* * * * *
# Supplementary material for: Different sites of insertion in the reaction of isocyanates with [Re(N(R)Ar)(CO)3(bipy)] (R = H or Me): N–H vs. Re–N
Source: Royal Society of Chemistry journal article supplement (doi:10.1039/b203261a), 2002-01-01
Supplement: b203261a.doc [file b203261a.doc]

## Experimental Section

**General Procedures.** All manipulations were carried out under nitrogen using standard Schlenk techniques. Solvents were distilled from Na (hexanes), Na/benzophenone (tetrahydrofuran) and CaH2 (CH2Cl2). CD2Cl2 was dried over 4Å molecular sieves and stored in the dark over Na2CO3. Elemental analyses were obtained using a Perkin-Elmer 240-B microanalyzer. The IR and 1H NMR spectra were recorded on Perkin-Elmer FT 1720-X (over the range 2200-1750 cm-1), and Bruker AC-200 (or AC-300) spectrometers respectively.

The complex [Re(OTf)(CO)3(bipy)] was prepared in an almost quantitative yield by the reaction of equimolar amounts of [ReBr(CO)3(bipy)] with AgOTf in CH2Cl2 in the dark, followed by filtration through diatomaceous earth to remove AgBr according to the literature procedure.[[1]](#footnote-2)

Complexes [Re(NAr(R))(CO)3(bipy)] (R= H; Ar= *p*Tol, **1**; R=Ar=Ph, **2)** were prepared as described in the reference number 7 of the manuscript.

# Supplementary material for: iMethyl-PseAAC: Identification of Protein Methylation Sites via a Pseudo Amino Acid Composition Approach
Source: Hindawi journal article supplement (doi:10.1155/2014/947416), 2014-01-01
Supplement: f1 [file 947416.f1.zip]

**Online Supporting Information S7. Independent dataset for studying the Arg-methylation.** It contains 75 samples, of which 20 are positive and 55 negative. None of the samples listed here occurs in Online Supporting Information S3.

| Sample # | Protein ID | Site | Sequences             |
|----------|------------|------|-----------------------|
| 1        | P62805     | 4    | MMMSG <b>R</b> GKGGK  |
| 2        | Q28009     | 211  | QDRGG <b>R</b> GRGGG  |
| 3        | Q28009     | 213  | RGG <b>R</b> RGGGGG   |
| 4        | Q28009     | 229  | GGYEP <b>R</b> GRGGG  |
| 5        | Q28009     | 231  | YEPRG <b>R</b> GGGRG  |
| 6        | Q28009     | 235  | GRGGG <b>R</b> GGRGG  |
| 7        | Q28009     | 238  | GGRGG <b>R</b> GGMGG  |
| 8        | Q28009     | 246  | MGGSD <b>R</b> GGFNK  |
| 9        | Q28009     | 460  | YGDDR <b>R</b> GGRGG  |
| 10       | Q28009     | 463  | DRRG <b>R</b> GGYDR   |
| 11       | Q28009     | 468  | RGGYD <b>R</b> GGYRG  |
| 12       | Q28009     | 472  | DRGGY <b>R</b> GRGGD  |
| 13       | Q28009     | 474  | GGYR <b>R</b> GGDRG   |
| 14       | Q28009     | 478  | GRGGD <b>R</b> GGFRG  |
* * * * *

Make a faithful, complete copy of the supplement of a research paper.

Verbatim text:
# Supplementary material for: Different sites of insertion in the reaction of isocyanates with [Re(N(R)Ar)(CO)3(bipy)] (R = H or Me): N–H vs. Re–N
Source: Royal Society of Chemistry journal article supplement (doi:10.1039/b203261a), 2002-01-01
Supplement: b203261a.doc [file b203261a.doc]

## Experimental Section

**General Procedures.** All manipulations were carried out under nitrogen using standard Schlenk techniques. Solvents were distilled from Na (hexanes), Na/benzophenone (tetrahydrofuran) and CaH2 (CH2Cl2). CD2Cl2 was dried over 4Å molecular sieves and stored in the dark over Na2CO3. Elemental analyses were obtained using a Perkin-Elmer 240-B microanalyzer. The IR and 1H NMR spectra were recorded on Perkin-Elmer FT 1720-X (over the range 2200-1750 cm-1), and Bruker AC-200 (or AC-300) spectrometers respectively.

The complex [Re(OTf)(CO)3(bipy)] was prepared in an almost quantitative yield by the reaction of equimolar amounts of [ReBr(CO)3(bipy)] with AgOTf in CH2Cl2 in the dark, followed by filtration through diatomaceous earth to remove AgBr according to the literature procedure.[[1]](#footnote-2)

Complexes [Re(NAr(R))(CO)3(bipy)] (R= H; Ar= *p*Tol, **1**; R=Ar=Ph, **2)** were prepared as described in the reference number 7 of the manuscript.

# Supplementary material for: iMethyl-PseAAC: Identification of Protein Methylation Sites via a Pseudo Amino Acid Composition Approach
Source: Hindawi journal article supplement (doi:10.1155/2014/947416), 2014-01-01
Supplement: f1 [file 947416.f1.zip]

**Online Supporting Information S7. Independent dataset for studying the Arg-methylation.** It contains 75 samples, of which 20 are positive and 55 negative. None of the samples listed here occurs in Online Supporting Information S3.

| Sample # | Protein ID | Site | Sequences             |
|----------|------------|------|-----------------------|
| 1        | P62805     | 4    | MMMSG <b>R</b> GKGGK  |
| 2        | Q28009     | 211  | QDRGG <b>R</b> GRGGG  |
| 3        | Q28009     | 213  | RGG <b>R</b> RGGGGG   |
| 4        | Q28009     | 229  | GGYEP <b>R</b> GRGGG  |
| 5        | Q28009     | 231  | YEPRG <b>R</b> GGGRG  |
| 6        | Q28009     | 235  | GRGGG <b>R</b> GGRGG  |
| 7        | Q28009     | 238  | GGRGG <b>R</b> GGMGG  |
| 8        | Q28009     | 246  | MGGSD <b>R</b> GGFNK  |
| 9        | Q28009     | 460  | YGDDR <b>R</b> GGRGG  |
| 10       | Q28009     | 463  | DRRG <b>R</b> GGYDR   |
| 11       | Q28009     | 468  | RGGYD <b>R</b> GGYRG  |
| 12       | Q28009     | 472  | DRGGY <b>R</b> GRGGD  |
| 13       | Q28009     | 474  | GGYR <b>R</b> GGDRG   |
| 14       | Q28009     | 478  | GRGGD <b>R</b> GGFRG  |